The scope of our review of the DOES order is defined by the familiar “substantial evidence” standard. Substantial evidence is defined as “such relevant evidence as a reasonable mind might accept as adequate to support a conclusion.” Ferreira, supra, 667 A.2d at 312 (quoting James v. District of Columbia Dept. of Employment Services, 632 A.2d 395, 397 (D.C.1993)). We will affirm an agency finding of fact or conclusion of law so long as it is supported by substantial evidence notwithstanding that there may be contrary evidence in the record, as is often the case. Id.
Particularly in light of the operative presumption, we are unable to find substantial evidence in the record before us to support the conclusion that the 1987 job-related aggravation had “resolved on or before December 2, 1991,” and consequently that petitioner's condition was solely the result of the natural progression of her degenerative spine disorder.
The hearing examiner seems principally to have based this conclusion on the statement by Dr. Cohen that petitioner's complaints were “consistent with degenerative disc disease.” 7 That petitioner's medical condition as of March, 1992, was “consistent with” her pre-existing condition cannot alone suffice to support the conclusion that the effects of the 1987 aggravation had disappeared by December of 1991. Dr. Cohen expressed no direct opinion as to the relation between petitioner's current symptoms and her 1987 injury of aggravation, see note 6, supra, nor did he remark that her present condition was solely the natural result of her pre-existing condition. The rather ambiguous assertion, even lacking the modifier “only,” that a condition is “consistent with” a certain cause does not preclude the possibility that it is also “consistent with” another cause, in whole or in part.
The hearing examiner himself had previously discounted the value of Dr. Cohen's report insofar as it asserted an absence of casual relationship between petitioner's degenerative back condition and extended sitting. See note 6, supra. As he rightly observed in finding a compensable injury in 1987, the causal relationship issue was not between the degenerative disease and the sitting but rather between the sitting and the aggravation of the pre-existing condition, something that Dr. Cohen did not address at all. Dr. Cohen's report suffers from a similar difficulty in its probative value on the crucial issue of the causal relationship between petitioner's 1992 condition and the aggravation that occurred in the 1987 work-related incident.
Reviewing the record as a whole, we cannot conclude that in the face of the presumption, the employer presented “evidence specific and comprehensive enough to sever the potential connection between [the] injury and [the] job-related event.” Parodi, supra, 560 A.2d at 526.8
Insofar as the decision before us is based on the conclusion that petitioner's present disability was in no way job-related, it cannot be affirmed on appeal. See Baker, supra, 611 A.2d at 550. We therefore turn to the alternative ground for the hearing examiner's decision.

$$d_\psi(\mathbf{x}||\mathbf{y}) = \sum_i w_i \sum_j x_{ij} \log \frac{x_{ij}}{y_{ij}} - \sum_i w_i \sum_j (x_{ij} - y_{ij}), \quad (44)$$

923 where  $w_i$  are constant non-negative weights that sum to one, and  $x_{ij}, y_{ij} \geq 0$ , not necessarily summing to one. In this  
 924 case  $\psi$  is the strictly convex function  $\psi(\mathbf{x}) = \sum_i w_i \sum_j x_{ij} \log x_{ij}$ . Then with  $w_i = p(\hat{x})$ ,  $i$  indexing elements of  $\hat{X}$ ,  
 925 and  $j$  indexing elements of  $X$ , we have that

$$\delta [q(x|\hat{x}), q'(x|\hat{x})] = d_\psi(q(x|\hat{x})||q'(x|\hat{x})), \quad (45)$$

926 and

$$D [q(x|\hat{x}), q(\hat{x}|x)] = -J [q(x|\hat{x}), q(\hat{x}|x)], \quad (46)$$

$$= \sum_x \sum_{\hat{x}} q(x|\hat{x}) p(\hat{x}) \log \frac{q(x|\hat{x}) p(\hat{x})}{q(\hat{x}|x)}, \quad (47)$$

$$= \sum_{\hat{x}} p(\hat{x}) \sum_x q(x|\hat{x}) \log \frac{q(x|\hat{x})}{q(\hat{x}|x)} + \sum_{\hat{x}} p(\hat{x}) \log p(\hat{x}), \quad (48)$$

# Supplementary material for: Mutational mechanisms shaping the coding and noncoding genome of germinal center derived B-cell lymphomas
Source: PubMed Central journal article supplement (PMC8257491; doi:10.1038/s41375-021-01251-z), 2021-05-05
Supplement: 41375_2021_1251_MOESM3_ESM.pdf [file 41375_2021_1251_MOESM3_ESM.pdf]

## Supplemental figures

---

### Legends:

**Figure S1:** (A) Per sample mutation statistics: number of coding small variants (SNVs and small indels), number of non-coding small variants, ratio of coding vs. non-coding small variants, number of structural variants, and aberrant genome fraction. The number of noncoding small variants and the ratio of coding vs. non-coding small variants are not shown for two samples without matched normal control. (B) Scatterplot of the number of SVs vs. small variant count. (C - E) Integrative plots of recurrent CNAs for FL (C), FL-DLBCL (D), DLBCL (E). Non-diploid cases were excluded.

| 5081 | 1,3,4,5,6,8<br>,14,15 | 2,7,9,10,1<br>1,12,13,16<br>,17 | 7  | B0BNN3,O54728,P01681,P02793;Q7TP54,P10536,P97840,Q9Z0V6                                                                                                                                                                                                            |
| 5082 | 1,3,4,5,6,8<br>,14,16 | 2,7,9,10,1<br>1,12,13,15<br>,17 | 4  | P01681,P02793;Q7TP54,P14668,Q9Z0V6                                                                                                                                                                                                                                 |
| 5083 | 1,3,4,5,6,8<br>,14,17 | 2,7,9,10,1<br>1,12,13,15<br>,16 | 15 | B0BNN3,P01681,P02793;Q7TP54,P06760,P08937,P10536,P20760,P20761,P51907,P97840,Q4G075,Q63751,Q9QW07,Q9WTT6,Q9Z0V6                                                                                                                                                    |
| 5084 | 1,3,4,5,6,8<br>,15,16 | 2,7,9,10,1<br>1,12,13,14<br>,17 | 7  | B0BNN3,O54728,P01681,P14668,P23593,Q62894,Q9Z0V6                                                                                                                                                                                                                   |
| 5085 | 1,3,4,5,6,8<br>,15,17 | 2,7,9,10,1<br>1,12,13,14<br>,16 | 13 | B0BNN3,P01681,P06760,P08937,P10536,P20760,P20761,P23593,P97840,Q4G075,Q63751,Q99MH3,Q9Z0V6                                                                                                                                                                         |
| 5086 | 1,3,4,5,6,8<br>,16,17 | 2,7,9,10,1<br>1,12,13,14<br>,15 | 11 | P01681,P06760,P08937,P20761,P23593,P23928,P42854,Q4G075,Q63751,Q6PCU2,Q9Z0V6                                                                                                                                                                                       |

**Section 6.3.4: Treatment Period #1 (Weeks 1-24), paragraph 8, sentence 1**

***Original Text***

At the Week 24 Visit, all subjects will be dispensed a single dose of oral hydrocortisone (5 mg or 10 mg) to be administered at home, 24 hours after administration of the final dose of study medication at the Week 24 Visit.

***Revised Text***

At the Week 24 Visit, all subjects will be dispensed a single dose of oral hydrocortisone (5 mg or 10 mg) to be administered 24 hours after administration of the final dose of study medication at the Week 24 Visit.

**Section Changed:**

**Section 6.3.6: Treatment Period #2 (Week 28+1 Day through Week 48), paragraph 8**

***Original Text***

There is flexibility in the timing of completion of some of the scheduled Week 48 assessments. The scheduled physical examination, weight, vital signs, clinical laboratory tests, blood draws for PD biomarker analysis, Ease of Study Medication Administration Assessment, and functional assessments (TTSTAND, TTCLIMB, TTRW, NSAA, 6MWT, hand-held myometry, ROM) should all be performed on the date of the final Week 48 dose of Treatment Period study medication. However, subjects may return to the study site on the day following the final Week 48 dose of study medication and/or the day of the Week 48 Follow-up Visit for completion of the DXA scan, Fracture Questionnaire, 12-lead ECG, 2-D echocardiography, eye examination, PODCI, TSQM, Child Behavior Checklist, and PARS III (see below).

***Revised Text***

III. Present “Disability”
The hearing examiner ruled that an alternative basis for denying petitioner's claim was that her condition was not presently disabling inasmuch as she could work full-time. See D.C.Code § 36-301(8) (“ ‘Disability’ means physical injury or mental incapacity because of injury which results in loss of wages.”) Insofar as it relates to petitioner's normal work status and expectation, this finding is supported in the record. We take special note in that regard that the presumption of work-relatedness has no application in determining the nature and extent of the disability. Baker, supra, 611 A.2d at 550; Dunston v. District of Columbia Dep't of Employment Services, 509 A.2d 109, 111 (D.C.1986).
Dr. Cohen, who conducted a physical examination and a review of petitioner's records in March of 1992, concluded that based on her condition and the sedentary nature of her work, “I see no reason why she cannot work 8 hours a day.” Dr. Dennis himself, in his May 1992 deposition, stated that petitioner could work a full eight hour day “if the job description did not require lifting, pulling, pushing; if she could have intermittent breaks ․ but that she should not sit more than four hours in an eight-hour day.” 9
Petitioner, by her own admission, testified that she was permitted to take breaks during her work hours, in addition to a one hour lunch. There is no evidence to suggest that the job required her to sit in a fixed position for hours at a time. Petitioner herself noted that her tasks included xeroxing and frequent walks to and from other buildings. Dr. Dennis opined that she could do such work full-time, stating that “intermittent sitting, gett[ing] it down to four hours, stand[ing], walk[ing] around, do[ing] other things, like most clerical jobs are not just focused on the computer terminal, I think that she could do that.”
However, there is a lingering problem. Dr. Cohen himself acknowledged that petitioner would continue to have “intermittent episodes of low back pain, which may require periods of rest and anti-inflammatory care.” Dr. Dennis likewise had expressed his view that petitioner's back problem “waxes and wanes,” with “intermittent severe episodes of pain.”